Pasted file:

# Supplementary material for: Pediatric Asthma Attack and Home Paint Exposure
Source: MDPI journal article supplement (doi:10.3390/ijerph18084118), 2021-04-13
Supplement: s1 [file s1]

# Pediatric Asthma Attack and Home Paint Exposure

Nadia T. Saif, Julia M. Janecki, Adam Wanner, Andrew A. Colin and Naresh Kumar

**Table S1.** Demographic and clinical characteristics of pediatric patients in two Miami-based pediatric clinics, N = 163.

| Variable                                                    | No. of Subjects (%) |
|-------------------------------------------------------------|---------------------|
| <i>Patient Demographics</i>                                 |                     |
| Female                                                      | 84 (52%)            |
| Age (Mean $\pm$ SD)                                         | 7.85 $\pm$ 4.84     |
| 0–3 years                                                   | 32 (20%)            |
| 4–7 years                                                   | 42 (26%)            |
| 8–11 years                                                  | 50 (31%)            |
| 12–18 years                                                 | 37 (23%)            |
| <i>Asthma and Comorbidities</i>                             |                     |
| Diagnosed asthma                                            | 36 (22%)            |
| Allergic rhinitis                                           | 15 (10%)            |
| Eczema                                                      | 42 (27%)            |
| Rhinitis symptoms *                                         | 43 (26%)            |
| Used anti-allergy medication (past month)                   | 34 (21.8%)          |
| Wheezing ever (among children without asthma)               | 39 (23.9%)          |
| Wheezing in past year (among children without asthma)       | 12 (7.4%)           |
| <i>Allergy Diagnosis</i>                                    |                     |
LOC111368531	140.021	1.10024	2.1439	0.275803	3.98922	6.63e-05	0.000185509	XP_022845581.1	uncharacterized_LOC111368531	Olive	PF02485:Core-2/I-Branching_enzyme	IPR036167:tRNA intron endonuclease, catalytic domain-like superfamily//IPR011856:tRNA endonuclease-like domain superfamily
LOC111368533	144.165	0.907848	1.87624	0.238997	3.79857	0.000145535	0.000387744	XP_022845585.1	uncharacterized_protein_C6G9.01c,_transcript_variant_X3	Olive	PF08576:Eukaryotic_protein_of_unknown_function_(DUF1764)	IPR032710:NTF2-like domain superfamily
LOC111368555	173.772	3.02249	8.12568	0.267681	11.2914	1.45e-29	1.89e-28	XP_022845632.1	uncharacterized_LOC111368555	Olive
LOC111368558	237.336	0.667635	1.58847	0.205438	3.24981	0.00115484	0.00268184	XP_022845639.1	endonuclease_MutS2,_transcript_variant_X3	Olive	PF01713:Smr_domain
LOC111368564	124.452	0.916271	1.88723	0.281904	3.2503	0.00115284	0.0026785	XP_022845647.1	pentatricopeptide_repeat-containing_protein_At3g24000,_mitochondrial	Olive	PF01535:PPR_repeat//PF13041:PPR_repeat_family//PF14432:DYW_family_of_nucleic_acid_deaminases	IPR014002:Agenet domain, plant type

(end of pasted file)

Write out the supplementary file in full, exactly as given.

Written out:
# Supplementary material for: Pediatric Asthma Attack and Home Paint Exposure
Source: MDPI journal article supplement (doi:10.3390/ijerph18084118), 2021-04-13
Supplement: s1 [file s1]

# Pediatric Asthma Attack and Home Paint Exposure

Nadia T. Saif, Julia M. Janecki, Adam Wanner, Andrew A. Colin and Naresh Kumar

**Table S1.** Demographic and clinical characteristics of pediatric patients in two Miami-based pediatric clinics, N = 163.

| Variable                                                    | No. of Subjects (%) |
|-------------------------------------------------------------|---------------------|
| <i>Patient Demographics</i>                                 |                     |
| Female                                                      | 84 (52%)            |
| Age (Mean $\pm$ SD)                                         | 7.85 $\pm$ 4.84     |
| 0–3 years                                                   | 32 (20%)            |
| 4–7 years                                                   | 42 (26%)            |
| 8–11 years                                                  | 50 (31%)            |
| 12–18 years                                                 | 37 (23%)            |
| <i>Asthma and Comorbidities</i>                             |                     |
| Diagnosed asthma                                            | 36 (22%)            |
| Allergic rhinitis                                           | 15 (10%)            |
| Eczema                                                      | 42 (27%)            |
| Rhinitis symptoms *                                         | 43 (26%)            |
| Used anti-allergy medication (past month)                   | 34 (21.8%)          |
| Wheezing ever (among children without asthma)               | 39 (23.9%)          |
| Wheezing in past year (among children without asthma)       | 12 (7.4%)           |
| <i>Allergy Diagnosis</i>                                    |                     |
LOC111368531	140.021	1.10024	2.1439	0.275803	3.98922	6.63e-05	0.000185509	XP_022845581.1	uncharacterized_LOC111368531	Olive	PF02485:Core-2/I-Branching_enzyme	IPR036167:tRNA intron endonuclease, catalytic domain-like superfamily//IPR011856:tRNA endonuclease-like domain superfamily
LOC111368533	144.165	0.907848	1.87624	0.238997	3.79857	0.000145535	0.000387744	XP_022845585.1	uncharacterized_protein_C6G9.01c,_transcript_variant_X3	Olive	PF08576:Eukaryotic_protein_of_unknown_function_(DUF1764)	IPR032710:NTF2-like domain superfamily
LOC111368555	173.772	3.02249	8.12568	0.267681	11.2914	1.45e-29	1.89e-28	XP_022845632.1	uncharacterized_LOC111368555	Olive
LOC111368558	237.336	0.667635	1.58847	0.205438	3.24981	0.00115484	0.00268184	XP_022845639.1	endonuclease_MutS2,_transcript_variant_X3	Olive	PF01713:Smr_domain
LOC111368564	124.452	0.916271	1.88723	0.281904	3.2503	0.00115284	0.0026785	XP_022845647.1	pentatricopeptide_repeat-containing_protein_At3g24000,_mitochondrial	Olive	PF01535:PPR_repeat//PF13041:PPR_repeat_family//PF14432:DYW_family_of_nucleic_acid_deaminases	IPR014002:Agenet domain, plant type